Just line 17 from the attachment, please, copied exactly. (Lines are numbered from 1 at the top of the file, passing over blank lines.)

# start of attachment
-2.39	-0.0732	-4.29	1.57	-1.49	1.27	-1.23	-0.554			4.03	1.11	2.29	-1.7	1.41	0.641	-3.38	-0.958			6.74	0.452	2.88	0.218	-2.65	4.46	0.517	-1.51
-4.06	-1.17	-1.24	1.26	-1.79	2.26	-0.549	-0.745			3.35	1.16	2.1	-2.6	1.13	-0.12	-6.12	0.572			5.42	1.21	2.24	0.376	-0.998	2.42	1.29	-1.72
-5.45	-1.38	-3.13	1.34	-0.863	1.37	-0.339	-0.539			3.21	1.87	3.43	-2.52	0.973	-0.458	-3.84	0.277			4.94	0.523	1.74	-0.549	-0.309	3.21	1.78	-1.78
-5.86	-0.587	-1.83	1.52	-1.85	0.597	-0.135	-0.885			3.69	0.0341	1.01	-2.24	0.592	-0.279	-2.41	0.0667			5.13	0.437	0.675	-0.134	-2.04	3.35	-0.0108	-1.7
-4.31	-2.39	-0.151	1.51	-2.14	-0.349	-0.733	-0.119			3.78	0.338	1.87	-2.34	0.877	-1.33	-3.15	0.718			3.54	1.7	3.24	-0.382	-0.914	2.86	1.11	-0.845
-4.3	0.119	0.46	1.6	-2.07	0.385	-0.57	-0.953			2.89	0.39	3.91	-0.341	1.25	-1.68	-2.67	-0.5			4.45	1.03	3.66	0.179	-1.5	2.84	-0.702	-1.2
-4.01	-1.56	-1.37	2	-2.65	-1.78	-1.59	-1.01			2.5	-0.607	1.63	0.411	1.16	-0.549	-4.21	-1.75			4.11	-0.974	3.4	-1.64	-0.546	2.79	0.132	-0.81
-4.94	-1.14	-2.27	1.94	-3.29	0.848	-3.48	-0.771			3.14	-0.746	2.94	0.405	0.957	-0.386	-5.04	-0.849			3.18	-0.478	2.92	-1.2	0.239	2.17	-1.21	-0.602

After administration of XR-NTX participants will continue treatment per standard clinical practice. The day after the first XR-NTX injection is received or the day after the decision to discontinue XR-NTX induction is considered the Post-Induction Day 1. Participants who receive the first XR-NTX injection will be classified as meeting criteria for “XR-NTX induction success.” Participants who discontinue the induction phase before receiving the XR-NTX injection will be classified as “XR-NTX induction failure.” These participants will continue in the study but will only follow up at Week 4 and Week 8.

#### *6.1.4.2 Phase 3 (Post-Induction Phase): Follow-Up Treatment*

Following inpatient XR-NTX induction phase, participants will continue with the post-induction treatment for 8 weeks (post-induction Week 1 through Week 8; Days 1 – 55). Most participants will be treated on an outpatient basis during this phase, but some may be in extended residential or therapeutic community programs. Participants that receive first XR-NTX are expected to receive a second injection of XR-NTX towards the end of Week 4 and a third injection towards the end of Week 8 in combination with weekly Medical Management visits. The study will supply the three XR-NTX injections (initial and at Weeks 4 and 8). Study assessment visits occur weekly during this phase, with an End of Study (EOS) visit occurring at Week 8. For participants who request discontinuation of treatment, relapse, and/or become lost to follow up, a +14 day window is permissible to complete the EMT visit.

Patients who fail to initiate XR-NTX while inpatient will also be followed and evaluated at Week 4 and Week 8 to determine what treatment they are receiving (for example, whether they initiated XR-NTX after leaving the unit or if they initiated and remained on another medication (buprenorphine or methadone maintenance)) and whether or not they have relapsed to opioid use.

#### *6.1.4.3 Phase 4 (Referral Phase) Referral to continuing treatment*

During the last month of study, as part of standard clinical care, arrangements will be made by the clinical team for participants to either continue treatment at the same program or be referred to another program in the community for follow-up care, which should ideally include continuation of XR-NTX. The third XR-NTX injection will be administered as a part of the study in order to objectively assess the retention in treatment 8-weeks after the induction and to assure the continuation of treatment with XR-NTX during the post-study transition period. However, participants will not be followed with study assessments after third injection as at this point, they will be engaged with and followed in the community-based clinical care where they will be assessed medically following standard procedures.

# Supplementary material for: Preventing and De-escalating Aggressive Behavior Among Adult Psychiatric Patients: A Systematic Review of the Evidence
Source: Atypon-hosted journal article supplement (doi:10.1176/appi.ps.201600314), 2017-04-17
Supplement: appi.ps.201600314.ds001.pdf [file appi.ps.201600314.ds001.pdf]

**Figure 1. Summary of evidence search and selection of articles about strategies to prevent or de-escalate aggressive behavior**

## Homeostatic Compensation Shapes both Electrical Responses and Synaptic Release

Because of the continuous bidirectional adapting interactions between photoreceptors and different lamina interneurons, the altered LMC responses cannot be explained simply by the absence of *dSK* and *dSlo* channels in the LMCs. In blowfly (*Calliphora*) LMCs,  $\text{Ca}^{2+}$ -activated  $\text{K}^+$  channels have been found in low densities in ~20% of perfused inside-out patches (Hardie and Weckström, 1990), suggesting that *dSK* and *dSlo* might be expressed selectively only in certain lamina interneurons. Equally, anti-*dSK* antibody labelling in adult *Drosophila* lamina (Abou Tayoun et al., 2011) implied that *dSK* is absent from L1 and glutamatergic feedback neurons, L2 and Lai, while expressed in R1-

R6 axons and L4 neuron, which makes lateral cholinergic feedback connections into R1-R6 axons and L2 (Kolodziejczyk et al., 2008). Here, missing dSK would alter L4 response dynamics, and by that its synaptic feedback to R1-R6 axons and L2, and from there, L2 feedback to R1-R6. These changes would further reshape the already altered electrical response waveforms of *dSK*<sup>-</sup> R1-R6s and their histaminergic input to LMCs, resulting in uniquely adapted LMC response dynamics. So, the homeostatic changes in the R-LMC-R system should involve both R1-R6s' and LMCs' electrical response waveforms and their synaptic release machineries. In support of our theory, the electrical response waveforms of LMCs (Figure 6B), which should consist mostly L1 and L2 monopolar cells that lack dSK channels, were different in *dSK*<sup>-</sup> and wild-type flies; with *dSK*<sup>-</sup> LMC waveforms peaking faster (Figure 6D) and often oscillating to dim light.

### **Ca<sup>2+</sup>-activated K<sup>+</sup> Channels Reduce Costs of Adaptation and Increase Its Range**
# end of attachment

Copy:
Supplement: appi.ps.201600314.ds001.pdf [file appi.ps.201600314.ds001.pdf]